Professor: ‘Enough is enough,’ who wants Russi out?


The beginning of a faculty uprising against Oakland University President Gary Russi came out of an AAUP general membership meeting last week.

The professors’ union meeting served as a platform for a discussion that physics Professor David Garfinkle said was a long time coming.

“A bunch of faculty deciding enough is enough and the president is doing a bad job and we need to take a vote to see if all, or at least a majority, of faculty feel that way,” Garfinkle said.

According to an e-mail sent to the AAUP mailing list, Garfinkle and communications professor Shea Howell are taking up the task of organizing a vote of no confidence. The vote is planned to be done online, confidential, and possibly before December 1. Garfinkle said the desired outcome of the no confidence vote would be for Russi to leave office by either the board of trustees that appointed him or by resignation.

Last Wednesday, however, OU media relations issued a press release quoting numerous board members on their trust confidence in Russi’s leadership.

“Dr. Russi and his cabinet have already demonstrated extraordinary leadership in an economic climate that has not been this bleak since the Great Depression,” the press release quotes board chair Dennis Pawley. “We have every reason to believe they will successfully guide the university through whatever challenges lie ahead.”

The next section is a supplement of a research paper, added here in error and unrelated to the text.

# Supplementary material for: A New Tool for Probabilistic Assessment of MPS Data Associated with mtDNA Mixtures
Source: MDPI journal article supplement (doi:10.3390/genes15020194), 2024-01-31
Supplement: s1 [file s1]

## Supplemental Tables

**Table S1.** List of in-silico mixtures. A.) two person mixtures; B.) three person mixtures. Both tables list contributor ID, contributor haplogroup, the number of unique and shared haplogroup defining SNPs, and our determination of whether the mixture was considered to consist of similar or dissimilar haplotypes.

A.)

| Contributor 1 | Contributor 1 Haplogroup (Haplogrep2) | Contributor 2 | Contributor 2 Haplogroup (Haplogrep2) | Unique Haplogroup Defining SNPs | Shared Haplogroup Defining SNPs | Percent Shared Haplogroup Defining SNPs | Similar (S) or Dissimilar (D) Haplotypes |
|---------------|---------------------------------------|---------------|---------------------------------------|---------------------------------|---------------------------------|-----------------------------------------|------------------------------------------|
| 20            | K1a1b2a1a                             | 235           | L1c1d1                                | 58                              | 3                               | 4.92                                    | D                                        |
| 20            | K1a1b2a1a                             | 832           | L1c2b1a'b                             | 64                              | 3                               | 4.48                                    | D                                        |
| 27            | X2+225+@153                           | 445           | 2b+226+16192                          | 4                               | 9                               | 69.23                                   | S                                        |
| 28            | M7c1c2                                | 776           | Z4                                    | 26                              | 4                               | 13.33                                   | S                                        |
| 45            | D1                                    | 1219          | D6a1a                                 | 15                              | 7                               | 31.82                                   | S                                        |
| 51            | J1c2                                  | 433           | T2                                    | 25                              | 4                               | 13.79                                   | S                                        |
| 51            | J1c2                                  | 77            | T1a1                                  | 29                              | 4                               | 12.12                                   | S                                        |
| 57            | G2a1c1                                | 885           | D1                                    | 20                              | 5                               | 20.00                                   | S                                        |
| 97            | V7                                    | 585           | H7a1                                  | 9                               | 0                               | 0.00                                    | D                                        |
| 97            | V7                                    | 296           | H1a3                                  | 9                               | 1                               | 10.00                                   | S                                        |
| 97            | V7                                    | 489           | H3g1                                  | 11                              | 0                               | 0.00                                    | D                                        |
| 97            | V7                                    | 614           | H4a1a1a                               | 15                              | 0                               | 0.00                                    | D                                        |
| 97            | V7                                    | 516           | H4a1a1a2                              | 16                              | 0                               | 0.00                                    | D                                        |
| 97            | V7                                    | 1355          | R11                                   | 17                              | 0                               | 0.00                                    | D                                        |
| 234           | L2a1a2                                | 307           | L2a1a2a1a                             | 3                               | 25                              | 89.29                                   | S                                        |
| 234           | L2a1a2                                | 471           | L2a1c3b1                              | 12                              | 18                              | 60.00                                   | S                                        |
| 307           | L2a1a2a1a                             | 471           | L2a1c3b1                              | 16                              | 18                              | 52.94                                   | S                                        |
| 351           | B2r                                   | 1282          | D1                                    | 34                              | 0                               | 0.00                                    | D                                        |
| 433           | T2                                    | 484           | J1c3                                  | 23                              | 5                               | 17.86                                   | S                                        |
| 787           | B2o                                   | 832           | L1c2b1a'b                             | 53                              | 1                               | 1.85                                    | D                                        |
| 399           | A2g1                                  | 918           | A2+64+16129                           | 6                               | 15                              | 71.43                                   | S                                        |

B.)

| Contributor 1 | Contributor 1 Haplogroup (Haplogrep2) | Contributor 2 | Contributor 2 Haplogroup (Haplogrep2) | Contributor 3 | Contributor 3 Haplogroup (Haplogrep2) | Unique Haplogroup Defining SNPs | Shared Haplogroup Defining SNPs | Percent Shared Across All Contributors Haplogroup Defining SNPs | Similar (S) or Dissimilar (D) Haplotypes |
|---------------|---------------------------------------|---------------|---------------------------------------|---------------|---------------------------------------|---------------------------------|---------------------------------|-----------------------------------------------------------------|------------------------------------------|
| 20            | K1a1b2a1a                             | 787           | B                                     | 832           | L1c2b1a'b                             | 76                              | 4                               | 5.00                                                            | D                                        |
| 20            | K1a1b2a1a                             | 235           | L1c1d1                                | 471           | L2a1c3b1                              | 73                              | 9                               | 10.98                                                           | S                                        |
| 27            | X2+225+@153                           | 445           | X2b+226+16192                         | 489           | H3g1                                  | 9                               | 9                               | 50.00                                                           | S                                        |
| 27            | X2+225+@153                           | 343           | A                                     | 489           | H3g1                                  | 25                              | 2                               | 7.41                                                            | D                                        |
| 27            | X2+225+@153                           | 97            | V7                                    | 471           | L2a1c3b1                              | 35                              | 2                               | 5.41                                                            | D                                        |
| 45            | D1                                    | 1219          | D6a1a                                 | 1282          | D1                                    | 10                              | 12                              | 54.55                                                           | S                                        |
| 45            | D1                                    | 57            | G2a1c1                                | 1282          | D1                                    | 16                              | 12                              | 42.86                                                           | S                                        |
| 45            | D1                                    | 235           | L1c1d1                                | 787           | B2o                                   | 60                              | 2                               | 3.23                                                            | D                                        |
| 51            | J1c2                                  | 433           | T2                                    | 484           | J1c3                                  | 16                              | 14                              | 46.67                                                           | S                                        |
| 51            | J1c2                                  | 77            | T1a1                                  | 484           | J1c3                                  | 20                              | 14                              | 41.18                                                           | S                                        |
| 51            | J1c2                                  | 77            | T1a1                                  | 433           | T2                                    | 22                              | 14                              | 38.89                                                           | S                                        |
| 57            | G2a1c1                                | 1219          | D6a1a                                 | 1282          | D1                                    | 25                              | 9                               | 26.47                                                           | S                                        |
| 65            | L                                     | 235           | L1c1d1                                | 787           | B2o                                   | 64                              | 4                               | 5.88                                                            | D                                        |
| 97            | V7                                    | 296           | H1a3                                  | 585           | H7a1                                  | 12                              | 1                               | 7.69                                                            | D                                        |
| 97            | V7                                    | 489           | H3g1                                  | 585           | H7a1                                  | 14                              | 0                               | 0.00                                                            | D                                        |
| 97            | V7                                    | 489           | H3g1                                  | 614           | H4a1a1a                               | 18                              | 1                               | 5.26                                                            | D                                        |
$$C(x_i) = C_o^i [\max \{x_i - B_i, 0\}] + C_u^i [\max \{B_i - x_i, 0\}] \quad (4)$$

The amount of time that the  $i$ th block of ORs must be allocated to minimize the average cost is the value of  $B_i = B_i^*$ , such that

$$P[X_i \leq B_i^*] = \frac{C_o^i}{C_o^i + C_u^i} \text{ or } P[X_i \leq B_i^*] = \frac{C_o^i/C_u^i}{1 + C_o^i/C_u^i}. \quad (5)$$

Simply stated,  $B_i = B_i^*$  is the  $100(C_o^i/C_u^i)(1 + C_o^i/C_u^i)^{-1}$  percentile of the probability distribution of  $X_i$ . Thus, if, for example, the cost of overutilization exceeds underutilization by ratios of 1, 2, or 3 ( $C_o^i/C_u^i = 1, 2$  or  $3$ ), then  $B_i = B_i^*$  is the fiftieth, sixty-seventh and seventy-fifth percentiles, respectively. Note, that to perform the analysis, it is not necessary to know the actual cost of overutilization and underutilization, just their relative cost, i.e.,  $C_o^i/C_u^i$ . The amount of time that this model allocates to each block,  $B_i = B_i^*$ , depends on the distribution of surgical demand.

The press release may have been a preemptive strike against what was sent out by the faculty for the vote of confidence.

“The first step is to go ahead and articulate what the case is,” Garfinkle said, referring to a “bill of particulars” outlining grievances with the president and his administration. An adversarial atmosphere, preventing direct contact between faculty and the board of trustees, failure to provide information on the medical school, and others are listed on the bill.

A whole other document on shared governance was also sent out in the e-mail. “The past few years have seen persistent and continuing assaults on shared governance, open communication and the eroding of trust between the faculty and Gary Russi,” the document states.

Editor’s Note:

Stay Posted, The Oakland Post will update this story as more sources are interviewed and more information comes to light.

Below are the attachments in the above mentioned e-mail and the OU press release:

Bill of Particulars

We, the faculty no longer have confidence in the leadership of Gary Russi.

He has established an administration hostile to basic academic values, undermining the integrity of our academic mission. He has encouraged polices antagonistic to faculty, disdainful of shared governance and hostile to members of our community. He has become increasingly isolated, relying on narrow legal advice that has brought routine functions of the university to a standstill, eroded morale and squandered resources. Decisions are made behind closed doors, Board of Trustee meetings have been reduced to empty rituals and his own personal gain has replaced concern for student welfare. This situation does not serve the best interests of the university or the public.